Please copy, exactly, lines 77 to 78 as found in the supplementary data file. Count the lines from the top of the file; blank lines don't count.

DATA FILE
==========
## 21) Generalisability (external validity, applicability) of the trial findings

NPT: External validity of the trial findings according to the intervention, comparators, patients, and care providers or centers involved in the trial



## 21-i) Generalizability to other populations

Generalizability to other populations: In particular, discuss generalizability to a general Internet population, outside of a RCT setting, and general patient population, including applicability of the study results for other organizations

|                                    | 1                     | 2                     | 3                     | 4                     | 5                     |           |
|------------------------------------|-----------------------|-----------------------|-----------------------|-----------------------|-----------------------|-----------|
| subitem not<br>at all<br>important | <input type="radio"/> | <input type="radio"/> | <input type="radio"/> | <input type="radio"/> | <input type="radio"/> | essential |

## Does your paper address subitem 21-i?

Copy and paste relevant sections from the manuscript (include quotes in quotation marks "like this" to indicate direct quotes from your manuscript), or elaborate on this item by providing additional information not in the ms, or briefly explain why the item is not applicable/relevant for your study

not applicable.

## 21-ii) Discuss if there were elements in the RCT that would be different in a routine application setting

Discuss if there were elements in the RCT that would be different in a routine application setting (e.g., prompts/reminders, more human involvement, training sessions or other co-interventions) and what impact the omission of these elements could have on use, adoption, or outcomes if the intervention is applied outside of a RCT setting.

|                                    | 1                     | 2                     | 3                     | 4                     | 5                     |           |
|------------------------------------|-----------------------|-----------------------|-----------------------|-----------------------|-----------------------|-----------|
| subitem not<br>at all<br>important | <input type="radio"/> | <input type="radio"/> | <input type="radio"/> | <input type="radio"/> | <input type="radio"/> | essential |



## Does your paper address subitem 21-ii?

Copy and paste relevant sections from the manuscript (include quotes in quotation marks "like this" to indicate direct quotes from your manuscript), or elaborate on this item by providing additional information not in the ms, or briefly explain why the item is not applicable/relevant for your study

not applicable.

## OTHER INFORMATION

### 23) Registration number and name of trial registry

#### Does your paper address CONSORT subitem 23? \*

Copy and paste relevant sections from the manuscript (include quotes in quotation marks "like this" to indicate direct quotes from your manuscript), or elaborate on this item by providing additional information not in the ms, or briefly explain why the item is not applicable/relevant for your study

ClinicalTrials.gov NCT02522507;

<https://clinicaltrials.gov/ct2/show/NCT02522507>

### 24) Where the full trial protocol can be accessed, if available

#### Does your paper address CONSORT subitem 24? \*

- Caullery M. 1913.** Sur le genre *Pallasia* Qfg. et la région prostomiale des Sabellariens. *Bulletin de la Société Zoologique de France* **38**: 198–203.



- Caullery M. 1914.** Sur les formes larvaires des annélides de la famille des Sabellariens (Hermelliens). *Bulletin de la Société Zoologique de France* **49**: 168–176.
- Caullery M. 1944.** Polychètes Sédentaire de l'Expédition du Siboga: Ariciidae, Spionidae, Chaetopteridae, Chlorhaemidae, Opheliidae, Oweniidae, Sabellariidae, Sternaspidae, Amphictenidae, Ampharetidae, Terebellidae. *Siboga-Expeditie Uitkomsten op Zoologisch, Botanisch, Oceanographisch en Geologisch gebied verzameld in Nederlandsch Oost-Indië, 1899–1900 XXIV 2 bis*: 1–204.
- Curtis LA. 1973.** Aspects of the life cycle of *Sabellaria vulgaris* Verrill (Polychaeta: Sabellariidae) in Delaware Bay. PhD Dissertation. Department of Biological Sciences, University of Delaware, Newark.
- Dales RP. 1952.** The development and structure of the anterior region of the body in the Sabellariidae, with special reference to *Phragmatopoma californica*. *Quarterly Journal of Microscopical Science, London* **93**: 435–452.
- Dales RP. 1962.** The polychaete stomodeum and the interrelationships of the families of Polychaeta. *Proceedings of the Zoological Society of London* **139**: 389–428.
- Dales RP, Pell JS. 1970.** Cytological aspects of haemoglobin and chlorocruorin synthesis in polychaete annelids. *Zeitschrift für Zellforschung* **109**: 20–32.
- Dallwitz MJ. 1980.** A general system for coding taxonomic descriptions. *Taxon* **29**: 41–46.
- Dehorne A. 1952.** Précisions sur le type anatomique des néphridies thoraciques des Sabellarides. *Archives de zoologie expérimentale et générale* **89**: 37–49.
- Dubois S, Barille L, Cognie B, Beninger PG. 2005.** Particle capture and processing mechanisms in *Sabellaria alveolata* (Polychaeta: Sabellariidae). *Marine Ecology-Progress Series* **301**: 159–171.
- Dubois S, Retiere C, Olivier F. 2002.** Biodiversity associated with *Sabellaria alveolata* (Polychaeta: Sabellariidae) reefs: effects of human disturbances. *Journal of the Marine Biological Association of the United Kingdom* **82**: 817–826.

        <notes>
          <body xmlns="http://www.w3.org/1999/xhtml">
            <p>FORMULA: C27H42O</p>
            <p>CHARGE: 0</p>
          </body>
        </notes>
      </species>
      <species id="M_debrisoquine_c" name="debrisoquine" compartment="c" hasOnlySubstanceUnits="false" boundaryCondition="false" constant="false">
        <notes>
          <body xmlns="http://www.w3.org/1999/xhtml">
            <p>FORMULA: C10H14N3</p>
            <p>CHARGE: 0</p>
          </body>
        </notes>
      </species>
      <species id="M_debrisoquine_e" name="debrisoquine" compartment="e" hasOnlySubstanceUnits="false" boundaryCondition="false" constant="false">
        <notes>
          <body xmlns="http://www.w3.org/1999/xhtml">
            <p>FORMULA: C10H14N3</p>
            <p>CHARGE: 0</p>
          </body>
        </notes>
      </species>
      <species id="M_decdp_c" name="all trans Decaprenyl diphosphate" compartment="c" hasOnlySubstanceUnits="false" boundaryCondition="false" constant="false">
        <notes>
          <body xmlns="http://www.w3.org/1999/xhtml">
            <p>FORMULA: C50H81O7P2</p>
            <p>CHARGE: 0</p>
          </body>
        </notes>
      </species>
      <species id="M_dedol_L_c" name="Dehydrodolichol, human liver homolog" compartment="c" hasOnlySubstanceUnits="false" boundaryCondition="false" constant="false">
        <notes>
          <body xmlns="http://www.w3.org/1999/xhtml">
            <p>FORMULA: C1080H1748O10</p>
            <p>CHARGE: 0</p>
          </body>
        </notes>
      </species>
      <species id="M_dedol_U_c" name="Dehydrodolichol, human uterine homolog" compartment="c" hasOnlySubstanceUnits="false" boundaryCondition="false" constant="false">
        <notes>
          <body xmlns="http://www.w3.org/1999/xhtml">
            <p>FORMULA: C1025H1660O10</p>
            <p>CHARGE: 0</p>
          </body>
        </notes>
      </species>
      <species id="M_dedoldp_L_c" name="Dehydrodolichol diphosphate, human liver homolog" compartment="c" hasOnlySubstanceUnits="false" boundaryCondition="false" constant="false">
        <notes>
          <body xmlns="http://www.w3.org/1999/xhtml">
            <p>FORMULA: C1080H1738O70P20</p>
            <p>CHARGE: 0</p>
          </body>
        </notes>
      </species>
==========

      <species id="M_dedol_U_c" name="Dehydrodolichol, human uterine homolog" compartment="c" hasOnlySubstanceUnits="false" boundaryCondition="false" constant="false">
        <notes>